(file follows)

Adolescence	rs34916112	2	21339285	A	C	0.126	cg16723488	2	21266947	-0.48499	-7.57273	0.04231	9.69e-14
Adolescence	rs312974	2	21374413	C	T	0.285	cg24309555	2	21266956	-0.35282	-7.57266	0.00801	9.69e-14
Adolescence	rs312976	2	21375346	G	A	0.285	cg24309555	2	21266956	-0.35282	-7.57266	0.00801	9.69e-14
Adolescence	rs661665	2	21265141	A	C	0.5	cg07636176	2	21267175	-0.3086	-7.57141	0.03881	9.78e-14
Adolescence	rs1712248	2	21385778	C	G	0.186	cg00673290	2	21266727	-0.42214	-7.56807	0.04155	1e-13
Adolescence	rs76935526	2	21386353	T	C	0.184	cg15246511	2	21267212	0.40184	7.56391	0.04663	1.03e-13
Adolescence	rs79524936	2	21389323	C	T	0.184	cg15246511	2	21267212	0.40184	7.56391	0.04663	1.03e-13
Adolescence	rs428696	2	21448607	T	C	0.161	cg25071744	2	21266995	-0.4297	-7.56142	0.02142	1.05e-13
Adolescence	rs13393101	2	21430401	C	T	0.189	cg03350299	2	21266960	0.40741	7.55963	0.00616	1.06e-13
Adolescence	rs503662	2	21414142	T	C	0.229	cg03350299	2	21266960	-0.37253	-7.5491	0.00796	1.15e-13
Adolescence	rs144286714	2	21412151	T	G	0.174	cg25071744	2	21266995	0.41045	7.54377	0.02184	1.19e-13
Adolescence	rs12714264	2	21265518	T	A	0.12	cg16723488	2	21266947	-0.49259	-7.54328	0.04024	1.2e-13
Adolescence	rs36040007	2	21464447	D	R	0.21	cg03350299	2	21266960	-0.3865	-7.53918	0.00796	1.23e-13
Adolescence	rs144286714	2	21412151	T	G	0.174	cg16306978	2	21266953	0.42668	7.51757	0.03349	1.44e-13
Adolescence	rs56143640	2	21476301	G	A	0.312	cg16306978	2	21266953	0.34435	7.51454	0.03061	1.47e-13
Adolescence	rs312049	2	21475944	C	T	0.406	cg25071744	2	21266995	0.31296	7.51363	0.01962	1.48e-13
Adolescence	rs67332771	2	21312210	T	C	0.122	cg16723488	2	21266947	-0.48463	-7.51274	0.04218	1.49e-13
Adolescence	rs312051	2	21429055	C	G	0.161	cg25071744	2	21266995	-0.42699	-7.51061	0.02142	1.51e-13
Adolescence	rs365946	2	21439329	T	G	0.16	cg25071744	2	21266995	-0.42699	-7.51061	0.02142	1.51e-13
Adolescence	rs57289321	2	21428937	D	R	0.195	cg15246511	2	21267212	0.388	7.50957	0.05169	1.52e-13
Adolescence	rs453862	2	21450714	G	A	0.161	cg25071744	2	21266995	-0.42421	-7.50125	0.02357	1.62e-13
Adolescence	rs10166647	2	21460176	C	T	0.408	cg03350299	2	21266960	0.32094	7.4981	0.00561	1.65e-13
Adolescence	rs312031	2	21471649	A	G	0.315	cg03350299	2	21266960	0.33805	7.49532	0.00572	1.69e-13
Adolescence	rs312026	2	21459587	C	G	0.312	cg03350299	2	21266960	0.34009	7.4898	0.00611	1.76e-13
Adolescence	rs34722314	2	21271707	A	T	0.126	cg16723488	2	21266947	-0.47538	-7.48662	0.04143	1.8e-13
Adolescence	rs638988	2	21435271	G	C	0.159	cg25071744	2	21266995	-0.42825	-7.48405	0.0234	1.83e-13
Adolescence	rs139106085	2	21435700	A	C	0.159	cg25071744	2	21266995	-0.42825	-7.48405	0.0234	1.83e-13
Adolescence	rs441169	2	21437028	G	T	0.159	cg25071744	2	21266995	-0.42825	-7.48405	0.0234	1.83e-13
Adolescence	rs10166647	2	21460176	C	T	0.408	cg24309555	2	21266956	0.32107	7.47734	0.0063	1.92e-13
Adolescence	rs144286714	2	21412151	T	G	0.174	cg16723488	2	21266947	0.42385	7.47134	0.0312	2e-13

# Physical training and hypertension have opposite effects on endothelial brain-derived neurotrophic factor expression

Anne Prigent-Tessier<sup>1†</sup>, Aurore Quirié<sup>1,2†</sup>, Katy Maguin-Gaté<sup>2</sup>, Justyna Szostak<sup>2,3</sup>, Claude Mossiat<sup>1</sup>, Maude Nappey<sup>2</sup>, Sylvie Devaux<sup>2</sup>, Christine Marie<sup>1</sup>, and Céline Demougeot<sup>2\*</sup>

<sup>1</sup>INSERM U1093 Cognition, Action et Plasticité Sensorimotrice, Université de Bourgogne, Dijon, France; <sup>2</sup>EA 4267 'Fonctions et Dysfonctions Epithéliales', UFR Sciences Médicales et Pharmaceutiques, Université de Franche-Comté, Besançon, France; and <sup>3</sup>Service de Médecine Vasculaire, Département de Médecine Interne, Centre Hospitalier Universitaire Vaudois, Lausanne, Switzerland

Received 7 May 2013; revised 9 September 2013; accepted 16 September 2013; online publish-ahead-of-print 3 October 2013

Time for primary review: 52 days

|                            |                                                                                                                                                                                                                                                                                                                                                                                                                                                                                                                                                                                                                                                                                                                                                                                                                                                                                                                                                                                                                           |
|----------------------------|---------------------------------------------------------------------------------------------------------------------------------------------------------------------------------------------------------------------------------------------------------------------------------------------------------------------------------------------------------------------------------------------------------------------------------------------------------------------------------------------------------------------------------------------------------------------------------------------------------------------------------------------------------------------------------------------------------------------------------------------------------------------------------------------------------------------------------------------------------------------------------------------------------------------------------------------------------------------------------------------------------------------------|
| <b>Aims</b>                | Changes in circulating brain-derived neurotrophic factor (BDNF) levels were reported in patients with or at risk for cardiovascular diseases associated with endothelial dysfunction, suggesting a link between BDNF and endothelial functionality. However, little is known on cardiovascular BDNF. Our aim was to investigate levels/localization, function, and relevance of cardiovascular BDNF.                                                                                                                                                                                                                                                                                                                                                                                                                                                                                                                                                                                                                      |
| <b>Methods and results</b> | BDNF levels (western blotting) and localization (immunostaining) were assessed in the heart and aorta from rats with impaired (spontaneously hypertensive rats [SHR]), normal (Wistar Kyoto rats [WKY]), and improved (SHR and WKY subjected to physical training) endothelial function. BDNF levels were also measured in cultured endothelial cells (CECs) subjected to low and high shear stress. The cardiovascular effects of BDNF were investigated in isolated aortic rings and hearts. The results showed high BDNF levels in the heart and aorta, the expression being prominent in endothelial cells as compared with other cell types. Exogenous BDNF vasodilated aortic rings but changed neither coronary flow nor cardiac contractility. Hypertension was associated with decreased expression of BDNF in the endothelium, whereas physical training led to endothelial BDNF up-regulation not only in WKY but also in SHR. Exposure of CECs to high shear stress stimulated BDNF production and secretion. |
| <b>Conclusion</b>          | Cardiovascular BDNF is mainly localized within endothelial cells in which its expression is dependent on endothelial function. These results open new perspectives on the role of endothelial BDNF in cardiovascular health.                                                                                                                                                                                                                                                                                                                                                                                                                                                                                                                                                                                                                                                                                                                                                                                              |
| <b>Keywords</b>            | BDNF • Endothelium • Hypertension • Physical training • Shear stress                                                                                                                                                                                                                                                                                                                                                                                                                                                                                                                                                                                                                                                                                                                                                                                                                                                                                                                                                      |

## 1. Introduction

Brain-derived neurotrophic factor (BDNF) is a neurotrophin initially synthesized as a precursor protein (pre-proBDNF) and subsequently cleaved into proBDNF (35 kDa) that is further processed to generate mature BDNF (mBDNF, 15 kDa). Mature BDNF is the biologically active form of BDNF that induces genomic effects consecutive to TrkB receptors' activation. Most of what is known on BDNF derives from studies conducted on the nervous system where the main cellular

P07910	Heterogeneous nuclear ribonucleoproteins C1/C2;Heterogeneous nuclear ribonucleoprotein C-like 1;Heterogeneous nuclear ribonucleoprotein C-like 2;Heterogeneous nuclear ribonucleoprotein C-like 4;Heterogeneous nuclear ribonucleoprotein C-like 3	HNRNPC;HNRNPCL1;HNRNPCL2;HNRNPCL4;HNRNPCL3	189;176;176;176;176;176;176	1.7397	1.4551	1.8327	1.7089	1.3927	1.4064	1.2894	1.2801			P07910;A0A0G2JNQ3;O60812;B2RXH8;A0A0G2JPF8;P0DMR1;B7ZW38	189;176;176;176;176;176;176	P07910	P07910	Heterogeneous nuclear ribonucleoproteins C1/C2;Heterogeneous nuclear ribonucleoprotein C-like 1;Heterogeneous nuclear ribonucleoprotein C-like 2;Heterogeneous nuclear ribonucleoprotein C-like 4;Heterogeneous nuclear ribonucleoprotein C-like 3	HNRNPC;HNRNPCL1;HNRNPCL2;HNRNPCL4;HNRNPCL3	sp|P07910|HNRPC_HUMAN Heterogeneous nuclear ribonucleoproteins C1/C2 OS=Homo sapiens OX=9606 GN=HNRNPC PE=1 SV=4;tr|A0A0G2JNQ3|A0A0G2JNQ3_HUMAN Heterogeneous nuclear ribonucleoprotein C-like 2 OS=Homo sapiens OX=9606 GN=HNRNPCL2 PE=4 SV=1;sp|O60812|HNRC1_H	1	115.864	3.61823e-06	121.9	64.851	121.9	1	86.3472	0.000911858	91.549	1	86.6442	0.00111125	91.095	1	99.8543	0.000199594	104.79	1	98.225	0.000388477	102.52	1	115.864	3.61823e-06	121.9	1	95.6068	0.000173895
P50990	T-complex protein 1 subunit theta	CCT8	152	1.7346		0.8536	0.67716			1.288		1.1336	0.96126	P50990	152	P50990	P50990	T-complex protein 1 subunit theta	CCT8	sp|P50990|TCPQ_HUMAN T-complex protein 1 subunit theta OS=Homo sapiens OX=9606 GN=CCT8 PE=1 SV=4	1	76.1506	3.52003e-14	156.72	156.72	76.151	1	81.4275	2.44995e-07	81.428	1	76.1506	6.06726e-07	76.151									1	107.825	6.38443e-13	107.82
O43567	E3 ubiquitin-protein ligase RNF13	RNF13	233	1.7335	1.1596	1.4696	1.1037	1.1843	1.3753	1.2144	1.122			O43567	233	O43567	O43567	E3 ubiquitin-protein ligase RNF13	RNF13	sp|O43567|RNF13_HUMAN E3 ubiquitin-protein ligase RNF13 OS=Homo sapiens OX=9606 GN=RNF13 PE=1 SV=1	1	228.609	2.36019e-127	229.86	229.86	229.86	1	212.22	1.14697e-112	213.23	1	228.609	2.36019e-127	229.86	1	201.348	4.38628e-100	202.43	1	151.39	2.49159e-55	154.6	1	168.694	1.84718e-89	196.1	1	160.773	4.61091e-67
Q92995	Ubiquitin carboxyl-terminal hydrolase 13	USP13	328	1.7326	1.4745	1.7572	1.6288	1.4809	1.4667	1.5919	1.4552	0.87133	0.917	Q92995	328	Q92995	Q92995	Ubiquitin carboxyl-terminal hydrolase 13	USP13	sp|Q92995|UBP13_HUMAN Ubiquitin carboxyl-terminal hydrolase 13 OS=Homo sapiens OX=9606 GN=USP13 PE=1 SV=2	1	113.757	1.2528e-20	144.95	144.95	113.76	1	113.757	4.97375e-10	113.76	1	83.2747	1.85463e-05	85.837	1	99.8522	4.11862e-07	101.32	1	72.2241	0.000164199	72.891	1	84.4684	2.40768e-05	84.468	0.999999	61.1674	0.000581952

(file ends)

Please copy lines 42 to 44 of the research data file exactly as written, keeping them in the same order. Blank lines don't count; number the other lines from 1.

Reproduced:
## 1. Introduction

Brain-derived neurotrophic factor (BDNF) is a neurotrophin initially synthesized as a precursor protein (pre-proBDNF) and subsequently cleaved into proBDNF (35 kDa) that is further processed to generate mature BDNF (mBDNF, 15 kDa). Mature BDNF is the biologically active form of BDNF that induces genomic effects consecutive to TrkB receptors' activation. Most of what is known on BDNF derives from studies conducted on the nervous system where the main cellular

P07910	Heterogeneous nuclear ribonucleoproteins C1/C2;Heterogeneous nuclear ribonucleoprotein C-like 1;Heterogeneous nuclear ribonucleoprotein C-like 2;Heterogeneous nuclear ribonucleoprotein C-like 4;Heterogeneous nuclear ribonucleoprotein C-like 3	HNRNPC;HNRNPCL1;HNRNPCL2;HNRNPCL4;HNRNPCL3	189;176;176;176;176;176;176	1.7397	1.4551	1.8327	1.7089	1.3927	1.4064	1.2894	1.2801			P07910;A0A0G2JNQ3;O60812;B2RXH8;A0A0G2JPF8;P0DMR1;B7ZW38	189;176;176;176;176;176;176	P07910	P07910	Heterogeneous nuclear ribonucleoproteins C1/C2;Heterogeneous nuclear ribonucleoprotein C-like 1;Heterogeneous nuclear ribonucleoprotein C-like 2;Heterogeneous nuclear ribonucleoprotein C-like 4;Heterogeneous nuclear ribonucleoprotein C-like 3	HNRNPC;HNRNPCL1;HNRNPCL2;HNRNPCL4;HNRNPCL3	sp|P07910|HNRPC_HUMAN Heterogeneous nuclear ribonucleoproteins C1/C2 OS=Homo sapiens OX=9606 GN=HNRNPC PE=1 SV=4;tr|A0A0G2JNQ3|A0A0G2JNQ3_HUMAN Heterogeneous nuclear ribonucleoprotein C-like 2 OS=Homo sapiens OX=9606 GN=HNRNPCL2 PE=4 SV=1;sp|O60812|HNRC1_H	1	115.864	3.61823e-06	121.9	64.851	121.9	1	86.3472	0.000911858	91.549	1	86.6442	0.00111125	91.095	1	99.8543	0.000199594	104.79	1	98.225	0.000388477	102.52	1	115.864	3.61823e-06	121.9	1	95.6068	0.000173895